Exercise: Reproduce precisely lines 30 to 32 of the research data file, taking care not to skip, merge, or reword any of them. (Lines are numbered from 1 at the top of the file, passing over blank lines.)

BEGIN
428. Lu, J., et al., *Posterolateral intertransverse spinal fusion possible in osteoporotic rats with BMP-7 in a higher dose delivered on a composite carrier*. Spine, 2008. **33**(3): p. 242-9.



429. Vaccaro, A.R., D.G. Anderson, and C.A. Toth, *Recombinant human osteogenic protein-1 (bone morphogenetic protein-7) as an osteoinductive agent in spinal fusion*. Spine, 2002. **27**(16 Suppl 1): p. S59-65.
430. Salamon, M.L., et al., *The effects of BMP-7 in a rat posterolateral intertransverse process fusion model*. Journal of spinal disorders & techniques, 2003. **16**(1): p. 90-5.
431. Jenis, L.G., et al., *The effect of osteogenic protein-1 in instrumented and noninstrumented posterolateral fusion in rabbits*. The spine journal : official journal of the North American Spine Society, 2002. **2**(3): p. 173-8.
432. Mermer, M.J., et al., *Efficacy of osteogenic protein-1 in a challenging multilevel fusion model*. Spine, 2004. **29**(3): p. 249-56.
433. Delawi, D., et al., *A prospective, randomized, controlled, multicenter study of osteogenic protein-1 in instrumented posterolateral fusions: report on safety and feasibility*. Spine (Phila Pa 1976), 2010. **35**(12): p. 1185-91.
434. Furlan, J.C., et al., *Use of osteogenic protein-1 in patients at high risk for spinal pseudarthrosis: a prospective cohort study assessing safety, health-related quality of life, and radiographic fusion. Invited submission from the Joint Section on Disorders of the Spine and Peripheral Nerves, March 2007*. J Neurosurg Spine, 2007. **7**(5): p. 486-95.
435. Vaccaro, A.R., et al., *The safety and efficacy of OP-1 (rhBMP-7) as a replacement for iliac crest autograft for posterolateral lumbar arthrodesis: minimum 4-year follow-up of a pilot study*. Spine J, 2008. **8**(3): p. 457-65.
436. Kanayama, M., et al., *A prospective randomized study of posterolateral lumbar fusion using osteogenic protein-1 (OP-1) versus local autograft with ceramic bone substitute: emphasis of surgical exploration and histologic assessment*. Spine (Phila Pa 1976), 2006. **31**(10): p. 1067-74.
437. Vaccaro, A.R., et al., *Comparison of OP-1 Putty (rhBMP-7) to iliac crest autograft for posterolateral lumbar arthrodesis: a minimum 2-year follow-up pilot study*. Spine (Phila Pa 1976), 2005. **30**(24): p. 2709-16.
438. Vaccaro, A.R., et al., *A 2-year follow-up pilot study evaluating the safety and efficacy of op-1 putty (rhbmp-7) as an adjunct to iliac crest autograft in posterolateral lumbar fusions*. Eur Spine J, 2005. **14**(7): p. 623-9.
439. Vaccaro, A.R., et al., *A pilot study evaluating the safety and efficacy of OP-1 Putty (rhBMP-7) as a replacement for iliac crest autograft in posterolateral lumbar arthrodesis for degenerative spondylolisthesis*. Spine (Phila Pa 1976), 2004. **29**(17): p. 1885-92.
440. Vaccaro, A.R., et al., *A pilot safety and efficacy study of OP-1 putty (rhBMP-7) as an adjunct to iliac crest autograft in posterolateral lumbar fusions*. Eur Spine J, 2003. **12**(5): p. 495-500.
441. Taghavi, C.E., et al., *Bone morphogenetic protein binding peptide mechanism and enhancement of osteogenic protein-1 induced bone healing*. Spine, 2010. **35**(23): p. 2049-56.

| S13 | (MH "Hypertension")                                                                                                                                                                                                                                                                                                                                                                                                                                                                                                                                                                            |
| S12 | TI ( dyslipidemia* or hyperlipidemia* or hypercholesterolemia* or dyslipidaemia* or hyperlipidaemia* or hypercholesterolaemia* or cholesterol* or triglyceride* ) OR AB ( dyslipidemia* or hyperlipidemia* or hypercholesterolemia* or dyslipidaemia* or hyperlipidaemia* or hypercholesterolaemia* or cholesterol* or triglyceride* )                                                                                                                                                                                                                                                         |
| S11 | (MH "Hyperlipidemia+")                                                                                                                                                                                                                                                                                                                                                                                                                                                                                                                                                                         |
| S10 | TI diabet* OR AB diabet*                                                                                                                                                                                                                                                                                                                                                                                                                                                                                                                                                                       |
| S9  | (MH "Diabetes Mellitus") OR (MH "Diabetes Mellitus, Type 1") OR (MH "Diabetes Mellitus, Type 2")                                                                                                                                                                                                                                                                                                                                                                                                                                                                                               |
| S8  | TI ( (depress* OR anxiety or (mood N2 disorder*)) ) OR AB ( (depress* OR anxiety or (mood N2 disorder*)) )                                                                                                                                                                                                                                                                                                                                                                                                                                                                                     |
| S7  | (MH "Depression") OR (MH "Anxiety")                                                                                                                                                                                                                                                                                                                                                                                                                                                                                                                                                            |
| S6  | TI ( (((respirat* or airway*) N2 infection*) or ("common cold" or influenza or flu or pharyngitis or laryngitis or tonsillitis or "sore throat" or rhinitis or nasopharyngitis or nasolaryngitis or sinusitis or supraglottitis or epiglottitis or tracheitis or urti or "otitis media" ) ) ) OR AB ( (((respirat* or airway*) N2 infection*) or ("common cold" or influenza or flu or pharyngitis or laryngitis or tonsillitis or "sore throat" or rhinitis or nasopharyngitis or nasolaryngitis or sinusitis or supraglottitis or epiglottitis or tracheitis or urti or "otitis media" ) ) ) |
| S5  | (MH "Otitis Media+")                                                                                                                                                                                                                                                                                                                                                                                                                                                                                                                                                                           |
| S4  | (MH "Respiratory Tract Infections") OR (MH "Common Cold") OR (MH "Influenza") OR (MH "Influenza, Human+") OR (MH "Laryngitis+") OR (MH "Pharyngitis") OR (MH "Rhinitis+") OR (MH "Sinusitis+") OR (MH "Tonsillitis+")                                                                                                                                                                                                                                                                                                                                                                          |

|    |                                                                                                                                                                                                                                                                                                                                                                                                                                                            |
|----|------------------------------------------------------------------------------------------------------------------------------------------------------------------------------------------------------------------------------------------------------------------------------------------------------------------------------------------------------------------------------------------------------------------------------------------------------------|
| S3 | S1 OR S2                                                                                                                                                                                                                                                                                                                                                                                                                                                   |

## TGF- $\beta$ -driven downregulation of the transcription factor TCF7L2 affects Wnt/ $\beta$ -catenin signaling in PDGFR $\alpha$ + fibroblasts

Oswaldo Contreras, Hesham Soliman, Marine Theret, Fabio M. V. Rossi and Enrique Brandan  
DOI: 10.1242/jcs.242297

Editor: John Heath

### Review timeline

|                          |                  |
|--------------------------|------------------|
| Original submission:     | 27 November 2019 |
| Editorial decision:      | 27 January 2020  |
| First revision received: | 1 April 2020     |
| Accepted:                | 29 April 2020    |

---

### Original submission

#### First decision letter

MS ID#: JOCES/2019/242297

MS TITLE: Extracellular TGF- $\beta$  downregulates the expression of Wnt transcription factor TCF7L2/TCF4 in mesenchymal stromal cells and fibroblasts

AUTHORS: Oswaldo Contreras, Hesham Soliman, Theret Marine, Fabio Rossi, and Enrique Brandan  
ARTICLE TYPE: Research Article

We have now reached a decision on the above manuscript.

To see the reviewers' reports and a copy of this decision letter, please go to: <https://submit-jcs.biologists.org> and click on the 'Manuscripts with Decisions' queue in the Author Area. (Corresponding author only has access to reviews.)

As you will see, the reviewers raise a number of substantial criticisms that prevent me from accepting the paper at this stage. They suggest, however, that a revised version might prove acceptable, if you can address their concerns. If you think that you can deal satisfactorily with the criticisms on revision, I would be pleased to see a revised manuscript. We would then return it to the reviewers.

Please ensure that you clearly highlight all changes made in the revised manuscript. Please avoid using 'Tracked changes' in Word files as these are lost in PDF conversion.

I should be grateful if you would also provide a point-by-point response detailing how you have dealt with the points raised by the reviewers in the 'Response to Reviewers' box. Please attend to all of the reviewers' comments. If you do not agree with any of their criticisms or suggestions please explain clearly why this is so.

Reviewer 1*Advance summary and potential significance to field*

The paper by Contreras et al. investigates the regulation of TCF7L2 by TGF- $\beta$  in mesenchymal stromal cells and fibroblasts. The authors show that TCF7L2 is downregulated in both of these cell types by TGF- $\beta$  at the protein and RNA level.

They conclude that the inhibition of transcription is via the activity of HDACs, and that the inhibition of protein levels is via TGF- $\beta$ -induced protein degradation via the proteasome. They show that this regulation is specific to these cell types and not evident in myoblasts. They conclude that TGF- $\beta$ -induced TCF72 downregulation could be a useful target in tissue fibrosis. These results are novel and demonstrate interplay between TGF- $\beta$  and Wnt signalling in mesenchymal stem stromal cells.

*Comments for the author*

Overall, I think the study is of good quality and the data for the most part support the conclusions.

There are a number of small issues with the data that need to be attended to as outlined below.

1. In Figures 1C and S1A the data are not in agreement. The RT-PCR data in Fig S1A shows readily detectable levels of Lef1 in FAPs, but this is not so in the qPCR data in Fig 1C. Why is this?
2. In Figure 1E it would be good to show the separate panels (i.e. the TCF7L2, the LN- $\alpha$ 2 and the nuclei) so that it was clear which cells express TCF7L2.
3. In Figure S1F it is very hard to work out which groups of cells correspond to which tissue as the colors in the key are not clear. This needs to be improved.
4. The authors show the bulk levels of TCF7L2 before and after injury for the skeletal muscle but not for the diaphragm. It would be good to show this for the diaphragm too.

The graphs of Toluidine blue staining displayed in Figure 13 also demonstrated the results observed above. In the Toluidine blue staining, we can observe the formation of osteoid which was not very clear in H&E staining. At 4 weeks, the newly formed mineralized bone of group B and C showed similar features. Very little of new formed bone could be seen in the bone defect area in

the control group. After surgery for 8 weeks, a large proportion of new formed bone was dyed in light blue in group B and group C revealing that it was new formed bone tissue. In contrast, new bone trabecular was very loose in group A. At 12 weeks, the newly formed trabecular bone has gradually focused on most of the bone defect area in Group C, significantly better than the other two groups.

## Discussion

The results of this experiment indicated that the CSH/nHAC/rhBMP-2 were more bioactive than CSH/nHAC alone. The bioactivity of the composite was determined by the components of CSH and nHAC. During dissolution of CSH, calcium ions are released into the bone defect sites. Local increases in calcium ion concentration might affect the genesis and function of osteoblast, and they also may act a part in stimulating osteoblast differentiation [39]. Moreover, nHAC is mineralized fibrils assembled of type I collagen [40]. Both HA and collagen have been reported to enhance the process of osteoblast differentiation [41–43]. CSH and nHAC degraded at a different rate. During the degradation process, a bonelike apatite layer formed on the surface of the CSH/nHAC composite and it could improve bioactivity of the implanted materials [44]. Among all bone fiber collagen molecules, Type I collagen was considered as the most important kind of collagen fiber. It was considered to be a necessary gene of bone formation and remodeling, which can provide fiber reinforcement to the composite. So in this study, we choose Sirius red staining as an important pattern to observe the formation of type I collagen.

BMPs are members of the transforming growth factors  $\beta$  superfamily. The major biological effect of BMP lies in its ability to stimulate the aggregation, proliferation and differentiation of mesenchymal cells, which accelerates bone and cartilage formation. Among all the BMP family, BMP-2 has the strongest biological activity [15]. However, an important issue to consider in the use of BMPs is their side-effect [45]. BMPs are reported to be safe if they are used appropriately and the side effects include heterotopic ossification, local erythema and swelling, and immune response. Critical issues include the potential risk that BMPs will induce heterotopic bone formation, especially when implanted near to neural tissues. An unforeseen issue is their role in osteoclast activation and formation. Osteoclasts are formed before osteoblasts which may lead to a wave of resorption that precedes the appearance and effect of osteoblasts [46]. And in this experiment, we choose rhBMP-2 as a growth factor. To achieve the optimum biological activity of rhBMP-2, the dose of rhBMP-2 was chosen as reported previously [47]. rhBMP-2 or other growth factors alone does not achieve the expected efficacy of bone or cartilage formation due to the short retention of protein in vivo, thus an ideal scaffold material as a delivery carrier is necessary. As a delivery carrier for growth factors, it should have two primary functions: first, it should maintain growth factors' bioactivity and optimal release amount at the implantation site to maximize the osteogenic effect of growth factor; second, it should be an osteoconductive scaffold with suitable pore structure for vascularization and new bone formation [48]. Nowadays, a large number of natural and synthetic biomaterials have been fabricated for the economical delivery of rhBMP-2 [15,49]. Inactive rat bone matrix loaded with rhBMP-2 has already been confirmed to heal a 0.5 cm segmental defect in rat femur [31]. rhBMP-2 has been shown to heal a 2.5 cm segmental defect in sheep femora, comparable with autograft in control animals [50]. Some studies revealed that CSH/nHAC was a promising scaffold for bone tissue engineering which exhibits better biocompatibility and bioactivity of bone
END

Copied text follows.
DOI: 10.1242/jcs.242297

Editor: John Heath

### Review timeline